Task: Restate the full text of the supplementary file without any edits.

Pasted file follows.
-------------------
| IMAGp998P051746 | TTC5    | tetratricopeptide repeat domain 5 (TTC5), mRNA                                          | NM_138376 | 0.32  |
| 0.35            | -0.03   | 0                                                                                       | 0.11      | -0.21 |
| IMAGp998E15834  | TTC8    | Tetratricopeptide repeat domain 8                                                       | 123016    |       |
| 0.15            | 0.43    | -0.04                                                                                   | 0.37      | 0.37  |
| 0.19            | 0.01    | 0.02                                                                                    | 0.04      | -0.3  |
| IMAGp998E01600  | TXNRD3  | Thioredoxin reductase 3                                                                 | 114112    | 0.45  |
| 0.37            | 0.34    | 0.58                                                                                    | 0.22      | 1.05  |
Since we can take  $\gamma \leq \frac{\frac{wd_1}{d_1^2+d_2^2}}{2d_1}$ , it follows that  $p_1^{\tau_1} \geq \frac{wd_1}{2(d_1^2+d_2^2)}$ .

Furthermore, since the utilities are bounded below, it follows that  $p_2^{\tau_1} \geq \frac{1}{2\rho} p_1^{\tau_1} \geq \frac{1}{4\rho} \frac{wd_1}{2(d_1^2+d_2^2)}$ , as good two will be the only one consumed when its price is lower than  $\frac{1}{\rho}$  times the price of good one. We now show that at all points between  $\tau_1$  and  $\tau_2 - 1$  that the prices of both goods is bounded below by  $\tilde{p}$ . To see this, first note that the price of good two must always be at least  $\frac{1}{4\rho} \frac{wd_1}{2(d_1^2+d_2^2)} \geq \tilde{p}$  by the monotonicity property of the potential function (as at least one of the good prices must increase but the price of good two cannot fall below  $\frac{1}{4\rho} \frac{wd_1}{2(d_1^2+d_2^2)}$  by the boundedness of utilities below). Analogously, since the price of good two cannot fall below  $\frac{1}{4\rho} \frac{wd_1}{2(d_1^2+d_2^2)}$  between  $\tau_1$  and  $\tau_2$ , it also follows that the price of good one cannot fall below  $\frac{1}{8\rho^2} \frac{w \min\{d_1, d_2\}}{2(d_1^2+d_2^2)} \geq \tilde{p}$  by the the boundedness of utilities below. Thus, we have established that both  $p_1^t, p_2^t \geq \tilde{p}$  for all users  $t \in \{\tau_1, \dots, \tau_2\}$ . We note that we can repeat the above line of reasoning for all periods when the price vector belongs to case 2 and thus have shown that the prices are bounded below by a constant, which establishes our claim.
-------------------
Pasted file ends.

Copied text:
| IMAGp998P051746 | TTC5    | tetratricopeptide repeat domain 5 (TTC5), mRNA                                          | NM_138376 | 0.32  |
| 0.35            | -0.03   | 0                                                                                       | 0.11      | -0.21 |
| IMAGp998E15834  | TTC8    | Tetratricopeptide repeat domain 8                                                       | 123016    |       |
| 0.15            | 0.43    | -0.04                                                                                   | 0.37      | 0.37  |
| 0.19            | 0.01    | 0.02                                                                                    | 0.04      | -0.3  |
| IMAGp998E01600  | TXNRD3  | Thioredoxin reductase 3                                                                 | 114112    | 0.45  |
| 0.37            | 0.34    | 0.58                                                                                    | 0.22      | 1.05  |
Since we can take  $\gamma \leq \frac{\frac{wd_1}{d_1^2+d_2^2}}{2d_1}$ , it follows that  $p_1^{\tau_1} \geq \frac{wd_1}{2(d_1^2+d_2^2)}$ .

Furthermore, since the utilities are bounded below, it follows that  $p_2^{\tau_1} \geq \frac{1}{2\rho} p_1^{\tau_1} \geq \frac{1}{4\rho} \frac{wd_1}{2(d_1^2+d_2^2)}$ , as good two will be the only one consumed when its price is lower than  $\frac{1}{\rho}$  times the price of good one. We now show that at all points between  $\tau_1$  and  $\tau_2 - 1$  that the prices of both goods is bounded below by  $\tilde{p}$ . To see this, first note that the price of good two must always be at least  $\frac{1}{4\rho} \frac{wd_1}{2(d_1^2+d_2^2)} \geq \tilde{p}$  by the monotonicity property of the potential function (as at least one of the good prices must increase but the price of good two cannot fall below  $\frac{1}{4\rho} \frac{wd_1}{2(d_1^2+d_2^2)}$  by the boundedness of utilities below). Analogously, since the price of good two cannot fall below  $\frac{1}{4\rho} \frac{wd_1}{2(d_1^2+d_2^2)}$  between  $\tau_1$  and  $\tau_2$ , it also follows that the price of good one cannot fall below  $\frac{1}{8\rho^2} \frac{w \min\{d_1, d_2\}}{2(d_1^2+d_2^2)} \geq \tilde{p}$  by the the boundedness of utilities below. Thus, we have established that both  $p_1^t, p_2^t \geq \tilde{p}$  for all users  $t \in \{\tau_1, \dots, \tau_2\}$ . We note that we can repeat the above line of reasoning for all periods when the price vector belongs to case 2 and thus have shown that the prices are bounded below by a constant, which establishes our claim.